For years, the high-end photography market has been saturated with DSLR cameras manufactured by industry giants Canon and Nikon, but that’s set to change with the release of Sony’s newest mirrorless camera, the Sony a9.
Sony’s a9 is a $6799 full-frame mirrorless camera that will shake the industry to its core. The a9 runs rings around high-end DSLRs — it’s faster, lighter, higher resolution and takes the best video of the bunch.
The photography market has softened over the past few years. Despite this Sony’s innovative full-frame mirrorless a7 series continued to grow.
The a9 builds on the success of its mid-range predecessors, adding in useful features like a much larger battery and a second SD card slot, features aimed squarely at news and sport photographers. The most important upgrade, however, is a game-changing electronic viewfinder (EVF), that in use feels nearly as good as peering through an optical viewfinder on DSLRs.
The new EVF has scaled up from earlier models and doubled the refresh rate to 120hz. It’s this second feature that makes the new EVF feel better than any other on the market. With the fast refresh rate, looking through the EVF hardly feels different to gazing with the naked eye, while on slower models EVFs can feel slow and unresponsive.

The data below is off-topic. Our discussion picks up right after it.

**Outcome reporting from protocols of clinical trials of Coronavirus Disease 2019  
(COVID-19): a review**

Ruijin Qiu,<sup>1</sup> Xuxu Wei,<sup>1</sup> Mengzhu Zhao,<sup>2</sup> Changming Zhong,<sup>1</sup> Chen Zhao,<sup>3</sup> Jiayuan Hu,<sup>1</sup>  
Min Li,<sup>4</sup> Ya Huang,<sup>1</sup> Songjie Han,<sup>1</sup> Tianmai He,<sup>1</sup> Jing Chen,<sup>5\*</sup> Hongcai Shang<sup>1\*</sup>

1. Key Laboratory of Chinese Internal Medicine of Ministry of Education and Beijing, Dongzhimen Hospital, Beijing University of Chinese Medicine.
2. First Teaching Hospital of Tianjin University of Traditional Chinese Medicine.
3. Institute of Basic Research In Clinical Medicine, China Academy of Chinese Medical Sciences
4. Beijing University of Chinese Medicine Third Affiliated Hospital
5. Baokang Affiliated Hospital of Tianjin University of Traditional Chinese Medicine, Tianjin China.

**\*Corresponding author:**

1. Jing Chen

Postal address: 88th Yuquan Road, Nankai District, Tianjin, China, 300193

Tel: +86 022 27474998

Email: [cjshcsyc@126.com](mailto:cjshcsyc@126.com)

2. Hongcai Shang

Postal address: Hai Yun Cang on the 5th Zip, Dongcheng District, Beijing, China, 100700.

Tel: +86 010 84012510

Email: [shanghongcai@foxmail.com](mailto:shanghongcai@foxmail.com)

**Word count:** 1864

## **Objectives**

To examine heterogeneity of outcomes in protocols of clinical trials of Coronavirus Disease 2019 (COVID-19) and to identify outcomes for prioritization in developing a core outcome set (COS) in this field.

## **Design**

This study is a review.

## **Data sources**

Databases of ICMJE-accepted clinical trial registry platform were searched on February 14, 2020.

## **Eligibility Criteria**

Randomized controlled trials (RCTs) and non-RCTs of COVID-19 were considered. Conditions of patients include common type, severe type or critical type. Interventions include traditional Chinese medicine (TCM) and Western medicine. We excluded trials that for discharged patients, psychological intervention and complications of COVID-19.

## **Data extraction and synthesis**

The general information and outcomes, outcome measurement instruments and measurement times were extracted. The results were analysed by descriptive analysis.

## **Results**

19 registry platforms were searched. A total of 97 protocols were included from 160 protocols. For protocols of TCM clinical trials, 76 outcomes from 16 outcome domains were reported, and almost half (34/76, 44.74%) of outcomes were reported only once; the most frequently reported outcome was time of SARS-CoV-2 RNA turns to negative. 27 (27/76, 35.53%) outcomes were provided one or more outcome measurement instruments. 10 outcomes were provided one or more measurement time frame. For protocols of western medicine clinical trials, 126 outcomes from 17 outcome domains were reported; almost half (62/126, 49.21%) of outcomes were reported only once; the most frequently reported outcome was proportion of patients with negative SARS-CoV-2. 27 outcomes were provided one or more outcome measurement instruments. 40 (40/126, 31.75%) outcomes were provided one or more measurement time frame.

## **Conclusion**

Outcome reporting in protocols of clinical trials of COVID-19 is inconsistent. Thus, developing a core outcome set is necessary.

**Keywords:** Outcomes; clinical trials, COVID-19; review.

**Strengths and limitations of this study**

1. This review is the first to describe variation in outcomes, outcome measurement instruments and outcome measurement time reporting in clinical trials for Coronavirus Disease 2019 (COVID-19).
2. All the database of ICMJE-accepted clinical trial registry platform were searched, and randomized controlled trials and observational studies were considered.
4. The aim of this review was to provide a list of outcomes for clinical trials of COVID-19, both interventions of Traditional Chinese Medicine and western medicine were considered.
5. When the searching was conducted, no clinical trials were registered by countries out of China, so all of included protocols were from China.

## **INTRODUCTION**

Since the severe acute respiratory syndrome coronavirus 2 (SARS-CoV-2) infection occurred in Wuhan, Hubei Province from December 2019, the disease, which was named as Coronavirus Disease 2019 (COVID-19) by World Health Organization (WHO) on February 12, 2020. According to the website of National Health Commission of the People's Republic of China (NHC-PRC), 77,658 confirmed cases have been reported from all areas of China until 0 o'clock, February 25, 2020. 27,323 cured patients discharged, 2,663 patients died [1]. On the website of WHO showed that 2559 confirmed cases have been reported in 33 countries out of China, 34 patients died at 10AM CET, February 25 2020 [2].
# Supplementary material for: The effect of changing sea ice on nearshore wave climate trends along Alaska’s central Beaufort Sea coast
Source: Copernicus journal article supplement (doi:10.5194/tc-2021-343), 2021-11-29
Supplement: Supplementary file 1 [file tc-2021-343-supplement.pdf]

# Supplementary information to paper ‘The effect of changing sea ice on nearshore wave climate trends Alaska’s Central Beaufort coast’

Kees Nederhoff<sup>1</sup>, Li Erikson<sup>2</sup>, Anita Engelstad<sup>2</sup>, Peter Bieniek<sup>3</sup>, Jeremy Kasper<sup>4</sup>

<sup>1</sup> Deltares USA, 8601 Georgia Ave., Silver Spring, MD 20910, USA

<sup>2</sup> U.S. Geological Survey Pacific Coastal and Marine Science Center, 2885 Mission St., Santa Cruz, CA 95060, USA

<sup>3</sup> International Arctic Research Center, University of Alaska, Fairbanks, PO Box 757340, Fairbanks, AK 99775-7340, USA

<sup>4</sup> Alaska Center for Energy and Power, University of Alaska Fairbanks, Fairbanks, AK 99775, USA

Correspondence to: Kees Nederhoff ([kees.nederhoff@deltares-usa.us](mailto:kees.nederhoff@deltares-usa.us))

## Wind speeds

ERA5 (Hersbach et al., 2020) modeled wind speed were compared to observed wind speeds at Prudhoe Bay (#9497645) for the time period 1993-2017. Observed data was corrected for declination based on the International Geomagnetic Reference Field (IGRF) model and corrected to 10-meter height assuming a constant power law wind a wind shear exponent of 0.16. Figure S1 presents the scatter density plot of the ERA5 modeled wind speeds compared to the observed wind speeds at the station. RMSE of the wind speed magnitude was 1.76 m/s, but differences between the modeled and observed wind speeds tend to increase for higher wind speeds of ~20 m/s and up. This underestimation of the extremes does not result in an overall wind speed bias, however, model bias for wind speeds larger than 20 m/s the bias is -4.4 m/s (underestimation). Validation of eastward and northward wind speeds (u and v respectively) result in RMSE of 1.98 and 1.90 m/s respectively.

As a full-frame camera, the a9 lets in a lot more light than mirrorless rivals with smaller sensors and through its best-in-class electronic shutter is able to shoot at 20 frames per second. In comparison, Canon’s $8999 flagship pro camera, the 1DX mk ii, has a maximum shooting speed of 14 frames per second.
Pixel-peepers will argue over the intricacies of image quality between the a9 and rival DSLRs, but for sports photographers, the better choice is obvious.
What’s less obvious is the “better” lens system. Nikon and Canon have an impressive range when it comes to glass, with multiple generations of products built around single interchangeable mounts. This means pro photographers are likely to have already made significant investments in brand ecosystems, making the choice to jump ship harder.
There are workarounds to adapt lenses between brands, although often with a trade-off of autofocus speed or image stabilisation. Sony has been working hard over the past 24 months to build out their lens range.
Last year, Sony introduced a new category of lenses, aimed at the professional market. The “G Master” series of lenses bring refined optics and a focus on pro needs, like on-lens buttons or on-lens aperture control.
Not everything is perfect with the a9. It features a touch screen, but the implementation is extremely limited compared to Canon’s offering. Users can tap to focus, which is nice, but menu control is messy for now.
The video output of the a9 is sharp, due to an oversampling technique that reads the information of the full 24.2MP sensor, before being down-sampled to 4K (8.3MP). The picture is stunning, but Sony has strangely not included the “log” shooting options included in the a7s, which allows videographers more flexibility.
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